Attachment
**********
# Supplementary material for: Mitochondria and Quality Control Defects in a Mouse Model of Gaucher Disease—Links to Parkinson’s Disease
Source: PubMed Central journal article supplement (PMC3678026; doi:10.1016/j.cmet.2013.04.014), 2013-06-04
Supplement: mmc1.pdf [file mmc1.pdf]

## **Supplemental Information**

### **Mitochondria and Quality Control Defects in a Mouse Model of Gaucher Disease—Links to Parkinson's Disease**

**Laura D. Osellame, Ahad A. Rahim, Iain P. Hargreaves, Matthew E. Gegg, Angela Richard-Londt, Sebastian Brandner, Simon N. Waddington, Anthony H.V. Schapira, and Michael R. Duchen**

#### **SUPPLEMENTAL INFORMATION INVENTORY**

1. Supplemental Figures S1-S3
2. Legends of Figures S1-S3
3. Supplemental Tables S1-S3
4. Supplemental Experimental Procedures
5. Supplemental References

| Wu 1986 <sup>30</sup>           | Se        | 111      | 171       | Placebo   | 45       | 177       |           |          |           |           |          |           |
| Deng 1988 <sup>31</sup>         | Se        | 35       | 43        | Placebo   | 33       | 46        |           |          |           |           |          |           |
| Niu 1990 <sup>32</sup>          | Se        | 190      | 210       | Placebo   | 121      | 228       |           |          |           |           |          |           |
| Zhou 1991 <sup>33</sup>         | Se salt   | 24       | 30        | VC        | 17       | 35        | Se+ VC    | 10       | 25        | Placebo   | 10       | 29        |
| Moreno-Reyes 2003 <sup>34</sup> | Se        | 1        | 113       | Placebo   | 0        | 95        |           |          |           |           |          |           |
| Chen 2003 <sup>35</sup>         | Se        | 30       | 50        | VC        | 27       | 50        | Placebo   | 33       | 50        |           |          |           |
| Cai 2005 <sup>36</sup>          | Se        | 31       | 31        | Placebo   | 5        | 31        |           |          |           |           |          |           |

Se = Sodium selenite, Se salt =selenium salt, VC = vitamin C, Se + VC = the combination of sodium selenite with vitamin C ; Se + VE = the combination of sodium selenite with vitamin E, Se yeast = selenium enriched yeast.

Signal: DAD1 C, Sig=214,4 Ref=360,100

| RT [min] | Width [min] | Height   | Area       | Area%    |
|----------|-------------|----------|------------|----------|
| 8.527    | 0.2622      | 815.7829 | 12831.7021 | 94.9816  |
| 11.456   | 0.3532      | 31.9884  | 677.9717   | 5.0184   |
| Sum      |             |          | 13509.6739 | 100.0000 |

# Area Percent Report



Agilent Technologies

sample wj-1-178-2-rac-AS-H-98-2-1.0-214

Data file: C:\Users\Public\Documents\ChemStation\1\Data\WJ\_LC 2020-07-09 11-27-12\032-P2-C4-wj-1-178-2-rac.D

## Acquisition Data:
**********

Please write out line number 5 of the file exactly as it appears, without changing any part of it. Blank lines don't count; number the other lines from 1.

### **Mitochondria and Quality Control Defects in a Mouse Model of Gaucher Disease—Links to Parkinson's Disease**